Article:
Submitted to:4th European Conference on Permafrost 2014 (Eucop4)
“Mapping the northern plains of Mars: origins, evolution and response to climate change” – a new ISSI (International Space Science Institute) international team project.
Matthew Balme, Open University, UK; Susan Conway, Open University, UK; François Costard, Université de Paris Sud, France; Colman Gallagher, University College Dublin, Ireland; Stephan van Gasselt, Freie Universität Berlin, Germany; Ernst Hauber, DLR-Institut für Planetenforschung, Germany; Andreas Johnsson, University of Gothenburg, Sweden; Akos Kereszturi, Research Center for Astronomy and Earth Science, Hungary; Thomas Platz, Freie Universität Berlin, Germany; Jason Ramsdale, Open University, UK; Dennis Reiss, Westfälische Wilhelms-Universität Münster, Germany; Antoine Séjourné, Université de Paris Sud, France; James Skinner, US Geological Survey, USA; Zuzanna Swirad, Scott Polar Research Institute, UK
An ISSI (International Space Science Institute) international team has been convened to study the Northern Plain of Mars. The northern plains of Mars are extensive, geologically young, low-lying areas that contrast in age and relief to Mars’ older, heavily cratered, southern highlands. Mars’ northern plains are characterised by a wealth of landforms and landscapes that have been inferred to be related to the presence of ice or ice-rich material near, beneath, or at the surface. Such landforms include ‘scalloped’ pits and depressions, polygonally-patterned grounds, and viscous flow features similar in form to terrestrial glacial or ice-sheet landforms. Furthermore, new (within the last few years) impact craters have exposed ice in the northern plains, and spectral data from orbiting instruments have revealed the presence of tens of percent by weight of water within the upper most ~50 cm of the martian surface at high latitudes.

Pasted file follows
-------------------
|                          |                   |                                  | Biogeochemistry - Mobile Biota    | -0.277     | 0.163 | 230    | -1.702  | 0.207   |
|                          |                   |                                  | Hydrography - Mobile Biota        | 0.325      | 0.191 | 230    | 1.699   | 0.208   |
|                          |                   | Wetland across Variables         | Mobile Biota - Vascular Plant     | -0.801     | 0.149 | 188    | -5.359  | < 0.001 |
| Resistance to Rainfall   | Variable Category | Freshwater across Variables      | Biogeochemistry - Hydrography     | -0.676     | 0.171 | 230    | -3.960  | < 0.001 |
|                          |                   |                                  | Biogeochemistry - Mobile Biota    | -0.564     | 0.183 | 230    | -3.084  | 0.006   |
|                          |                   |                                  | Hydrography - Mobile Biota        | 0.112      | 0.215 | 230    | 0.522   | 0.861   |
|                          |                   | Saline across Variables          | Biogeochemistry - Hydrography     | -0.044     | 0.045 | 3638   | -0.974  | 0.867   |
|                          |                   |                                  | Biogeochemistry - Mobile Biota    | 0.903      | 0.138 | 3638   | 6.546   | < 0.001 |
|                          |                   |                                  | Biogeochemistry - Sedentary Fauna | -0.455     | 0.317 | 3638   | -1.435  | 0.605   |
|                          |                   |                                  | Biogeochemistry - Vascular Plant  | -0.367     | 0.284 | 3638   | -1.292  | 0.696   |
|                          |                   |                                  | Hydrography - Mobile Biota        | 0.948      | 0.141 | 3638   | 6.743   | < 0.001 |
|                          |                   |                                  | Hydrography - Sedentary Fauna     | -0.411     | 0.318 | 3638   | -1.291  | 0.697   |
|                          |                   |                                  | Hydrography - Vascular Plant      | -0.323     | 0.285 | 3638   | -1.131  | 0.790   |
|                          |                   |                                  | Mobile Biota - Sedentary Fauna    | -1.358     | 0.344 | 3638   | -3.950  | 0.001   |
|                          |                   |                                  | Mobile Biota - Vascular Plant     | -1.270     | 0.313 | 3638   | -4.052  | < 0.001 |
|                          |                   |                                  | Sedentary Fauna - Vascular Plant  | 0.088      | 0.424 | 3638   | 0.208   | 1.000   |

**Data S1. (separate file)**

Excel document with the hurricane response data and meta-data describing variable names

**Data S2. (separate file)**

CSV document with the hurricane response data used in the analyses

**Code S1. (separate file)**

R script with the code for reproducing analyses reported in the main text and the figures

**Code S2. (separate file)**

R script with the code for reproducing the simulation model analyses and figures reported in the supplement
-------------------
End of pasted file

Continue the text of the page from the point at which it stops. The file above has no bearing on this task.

The northern plains comprise three linked zones: Acidalia Planitia, Utopia Planitia and Arcadia Planitia. Each region consists of a shallow basin, with the three areas are separated by low topographic divides. Our aim is to study the ice-related geomorphology of each region in order to understand the origins, evolution and response to climate change of ice on Mars. In particular, by comparing and contrasting the three separate basins we hope to determine if the processes that created the ice-related terrains are regional (perhaps basin limited) or global in scope, and whether the differing geology of each basin has an effect on the ice-related features observed there.
The ISSI team will use planetary geomorphological mapping to meet this aim. Three long strips, each about 250 km wide and spanning the ~30N to ~80N latitude range have been defined and sub-teams within the group have been formed to focus on these areas. The group contains experts in mapping, GIS and crater counting (details in the size-frequency distribution of impact craters on a planetary surface can reveal information about when terrains were emplaced, modified, eroded or exhumed). The first meeting of this group was held in December 2013, and in this presentation we give an overview of the science aims of the project, describe the main difference between the three strips and report on mapping work done so far.